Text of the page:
Archdiocese of Chicago, Its Parishes and Ministries Launch Anti-Violence Initiative
Chicago, IL (April 4, 2017) – The Archdiocese of Chicago, its parishes and ministries, including Catholic Charities, Mercy Home for Boys & Girls, and Kolbe House, have launched an anti-violence initiative to increase the capacity and reach of current programs that address the root causes of violence and to identify and actively seek partnerships with like-purposed groups and individuals. The Archdiocese also announced it is seeking out and investing in new approaches and partnerships to breaking the violence-causing cycle of despair, racism and poverty in the city. As part of these efforts, the Archdiocese will create the Instruments of Peace Venture Philanthropy Fund, which will include funding from the Archdiocese and other donors. The Fund will be used to invest in new anti-violence approaches and expand promising programs. Pope Francis sent a letter to Cardinal Blase J. Cupich, Archbishop of Chicago, to express his support and encouragement for the efforts the Archdiocese and other Chicagoans are making to create peace.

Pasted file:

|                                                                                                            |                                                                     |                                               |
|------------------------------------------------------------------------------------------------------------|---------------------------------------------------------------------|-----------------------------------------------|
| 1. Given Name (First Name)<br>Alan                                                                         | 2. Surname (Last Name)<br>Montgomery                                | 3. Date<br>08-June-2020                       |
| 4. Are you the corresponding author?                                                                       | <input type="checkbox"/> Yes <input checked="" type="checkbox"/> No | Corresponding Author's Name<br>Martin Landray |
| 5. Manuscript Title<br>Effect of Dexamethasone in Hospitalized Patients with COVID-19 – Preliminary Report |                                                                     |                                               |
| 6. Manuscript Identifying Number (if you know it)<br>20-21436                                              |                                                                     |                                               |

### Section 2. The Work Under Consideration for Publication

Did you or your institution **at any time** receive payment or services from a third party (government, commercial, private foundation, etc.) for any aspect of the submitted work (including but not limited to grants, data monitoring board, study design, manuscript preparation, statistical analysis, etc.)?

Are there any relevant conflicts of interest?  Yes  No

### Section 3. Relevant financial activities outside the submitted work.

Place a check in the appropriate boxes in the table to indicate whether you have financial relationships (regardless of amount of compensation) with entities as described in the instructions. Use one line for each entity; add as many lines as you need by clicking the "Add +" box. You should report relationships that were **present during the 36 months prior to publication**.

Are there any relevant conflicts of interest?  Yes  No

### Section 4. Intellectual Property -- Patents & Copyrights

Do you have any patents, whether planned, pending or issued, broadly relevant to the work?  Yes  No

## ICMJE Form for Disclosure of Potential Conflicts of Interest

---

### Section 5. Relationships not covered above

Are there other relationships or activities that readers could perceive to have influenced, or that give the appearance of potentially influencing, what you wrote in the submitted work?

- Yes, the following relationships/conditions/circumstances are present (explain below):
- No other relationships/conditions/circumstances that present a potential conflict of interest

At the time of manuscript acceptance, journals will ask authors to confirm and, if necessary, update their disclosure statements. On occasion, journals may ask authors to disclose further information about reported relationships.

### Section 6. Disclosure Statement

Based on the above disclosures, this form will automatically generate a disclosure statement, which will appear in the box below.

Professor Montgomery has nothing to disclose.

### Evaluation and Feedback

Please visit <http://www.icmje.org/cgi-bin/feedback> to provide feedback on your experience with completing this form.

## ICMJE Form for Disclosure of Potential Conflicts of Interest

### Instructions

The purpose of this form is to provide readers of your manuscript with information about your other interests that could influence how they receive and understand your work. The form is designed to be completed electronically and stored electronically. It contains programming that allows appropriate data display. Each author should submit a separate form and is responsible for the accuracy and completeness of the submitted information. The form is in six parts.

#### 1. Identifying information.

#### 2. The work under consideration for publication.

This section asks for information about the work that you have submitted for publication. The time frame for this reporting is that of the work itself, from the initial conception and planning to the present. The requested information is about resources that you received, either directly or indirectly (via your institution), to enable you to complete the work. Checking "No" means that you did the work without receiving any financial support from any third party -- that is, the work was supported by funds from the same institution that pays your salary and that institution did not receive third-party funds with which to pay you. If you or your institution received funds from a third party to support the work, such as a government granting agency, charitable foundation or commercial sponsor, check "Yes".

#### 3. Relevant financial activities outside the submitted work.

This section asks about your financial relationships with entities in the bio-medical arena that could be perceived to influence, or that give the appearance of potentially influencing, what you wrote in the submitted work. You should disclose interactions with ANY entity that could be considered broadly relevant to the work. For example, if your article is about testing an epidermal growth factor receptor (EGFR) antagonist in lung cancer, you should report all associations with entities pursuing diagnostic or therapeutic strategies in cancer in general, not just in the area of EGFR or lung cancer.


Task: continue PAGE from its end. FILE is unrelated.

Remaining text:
Click here to read Pope Francis' letter in Spanish and in English. (Link)
“The causes of the violence we are seeing in our city are complex and deep seated, but I have a strong belief, based on the good will and the many dedicated efforts of our civic and religious leaders, that these causes can be addressed and the suffering can end if we all work together,” said Cardinal Cupich. “Bolstered by the encouragement of the Holy Father, we are dedicated to creating a framework for peace building in our city.”